I’m a big fan of Vagrant. It allows me to work on on just about any platform in any language without making a mess of my host operating system and my actual development environment.
At Spry Group, I’ve been building out our continuous integration infrastructure for both our internal work and client work. I desparately wanted to be able to use Vagrant. I wanted to have one build agent for all projects without any dependency or version issues.
I had three concerns going into the setup.
- How well would the jenkins build agent handle ‘vagrant’ and virtual box?
- Would I get the right exit codes if jenkins used vagrant ssh to run the build scripts.
- Would I be able to get the package assets I needed from the shared folders.
Fortunately all of those concerns we’re unfounded.
Here is a quick overview of how we use Vagrant in our Jenkins Continuous Integration.
It is important that your vagrants themselves be completely self contained testing environments. Our vagrants come fully loaded with unit testing frameworks, selenium server, phantomjs, linting tools, and more. All of our build and testing is wrapped in shell scripts that can be easily called with no arguments for a given project.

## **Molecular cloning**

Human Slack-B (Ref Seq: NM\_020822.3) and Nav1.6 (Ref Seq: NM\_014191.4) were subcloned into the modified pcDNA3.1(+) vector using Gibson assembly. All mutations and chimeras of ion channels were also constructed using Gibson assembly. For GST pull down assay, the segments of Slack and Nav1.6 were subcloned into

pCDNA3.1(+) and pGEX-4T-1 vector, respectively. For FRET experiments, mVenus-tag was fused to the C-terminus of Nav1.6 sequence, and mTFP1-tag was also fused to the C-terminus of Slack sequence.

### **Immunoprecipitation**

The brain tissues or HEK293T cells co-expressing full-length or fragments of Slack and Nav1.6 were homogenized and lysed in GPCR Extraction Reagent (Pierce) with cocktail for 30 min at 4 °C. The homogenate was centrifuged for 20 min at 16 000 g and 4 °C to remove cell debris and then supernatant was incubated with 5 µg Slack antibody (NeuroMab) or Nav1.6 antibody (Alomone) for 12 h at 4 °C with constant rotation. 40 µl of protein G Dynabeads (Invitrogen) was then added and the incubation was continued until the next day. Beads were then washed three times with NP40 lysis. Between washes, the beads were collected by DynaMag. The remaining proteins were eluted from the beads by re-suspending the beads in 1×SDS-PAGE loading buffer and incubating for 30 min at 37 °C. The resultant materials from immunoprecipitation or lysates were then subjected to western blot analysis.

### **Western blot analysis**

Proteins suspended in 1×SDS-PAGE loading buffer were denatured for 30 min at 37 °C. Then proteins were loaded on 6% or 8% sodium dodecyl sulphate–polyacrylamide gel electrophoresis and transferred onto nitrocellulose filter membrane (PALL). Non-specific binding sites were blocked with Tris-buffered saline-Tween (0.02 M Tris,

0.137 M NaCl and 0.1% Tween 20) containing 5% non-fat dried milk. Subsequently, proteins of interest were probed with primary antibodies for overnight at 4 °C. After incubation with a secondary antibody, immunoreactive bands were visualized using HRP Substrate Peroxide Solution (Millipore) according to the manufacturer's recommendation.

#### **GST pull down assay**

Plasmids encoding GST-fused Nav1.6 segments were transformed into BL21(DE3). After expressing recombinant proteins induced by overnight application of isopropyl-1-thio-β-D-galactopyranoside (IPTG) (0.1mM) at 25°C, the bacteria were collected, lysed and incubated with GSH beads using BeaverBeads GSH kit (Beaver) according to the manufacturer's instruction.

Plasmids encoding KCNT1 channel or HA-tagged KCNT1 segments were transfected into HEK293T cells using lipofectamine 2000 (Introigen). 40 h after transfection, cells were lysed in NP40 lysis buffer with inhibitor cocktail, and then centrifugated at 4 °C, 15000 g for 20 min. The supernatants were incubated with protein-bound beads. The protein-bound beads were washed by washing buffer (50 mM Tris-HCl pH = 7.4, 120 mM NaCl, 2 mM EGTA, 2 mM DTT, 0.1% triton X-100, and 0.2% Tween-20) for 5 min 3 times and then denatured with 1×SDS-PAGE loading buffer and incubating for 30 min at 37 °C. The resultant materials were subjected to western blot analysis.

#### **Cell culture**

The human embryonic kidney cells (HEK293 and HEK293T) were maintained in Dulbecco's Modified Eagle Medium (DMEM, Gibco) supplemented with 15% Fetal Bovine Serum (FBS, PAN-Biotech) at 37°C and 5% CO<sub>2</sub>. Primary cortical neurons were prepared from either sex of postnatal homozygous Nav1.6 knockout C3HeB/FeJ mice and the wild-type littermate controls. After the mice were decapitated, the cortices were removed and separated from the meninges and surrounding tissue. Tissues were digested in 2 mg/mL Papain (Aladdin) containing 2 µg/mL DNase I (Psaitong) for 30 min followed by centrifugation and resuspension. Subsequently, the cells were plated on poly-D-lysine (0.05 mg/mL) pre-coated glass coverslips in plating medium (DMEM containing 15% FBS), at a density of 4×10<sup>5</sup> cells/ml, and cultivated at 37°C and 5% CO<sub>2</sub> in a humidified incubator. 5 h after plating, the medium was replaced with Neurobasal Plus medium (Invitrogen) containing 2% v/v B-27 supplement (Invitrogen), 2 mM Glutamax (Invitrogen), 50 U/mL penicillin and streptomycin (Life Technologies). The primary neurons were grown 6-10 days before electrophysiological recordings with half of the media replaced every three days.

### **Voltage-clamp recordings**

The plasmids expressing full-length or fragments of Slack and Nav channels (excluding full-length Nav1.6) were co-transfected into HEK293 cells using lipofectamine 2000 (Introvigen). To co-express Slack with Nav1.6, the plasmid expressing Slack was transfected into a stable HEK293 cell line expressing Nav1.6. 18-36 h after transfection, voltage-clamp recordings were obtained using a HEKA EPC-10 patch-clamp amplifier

Our vagrants are configured so that
vagrant provision will produce a white gloves fresh install of an environment pre-loaded with testing data. It is important to ensure that your vagrant provision runs quickly. We accomplish this by having base boxes which have all of our packages pre-installed and only having the provision scripts responsible for configuration.
Our build jobs run the following tasks.
- vagrant up
- vagrant provision.
- vagrant ssh scripts/tests-infrastructure.sh
- vagrant ssh scripts/tests-unit.sh
- vagrant ssh scripts/tests-integration.sh
- vagrant ssh scripts/tests-e2e.sh
For jobs that run frequently such as pull request builders for active projects we do not shutdown the vagrant on the agents so they’re always warm. For jobs that run infrequently we’ll go ahead and run vagrant halt.
Occasionally we will have a is misbehaving vagrant. To assist we’ve setup a custom build jobs in Jenkins per project with a custom workspace that matches the project workspace which accepts a vagrant command. This allows us to us to easily vagrant destroy or provision from the Jenkins interface and control access with project level permissions.
If you have any cool CI setups using vagrant we’d love to hear about it. Expect some more posts about how we’ve constructed our Development, Continuous Integration, and Continuous Deployment pipelines using Virtual Box, VeeWee, Vagrant, Ansible, and Jenkins.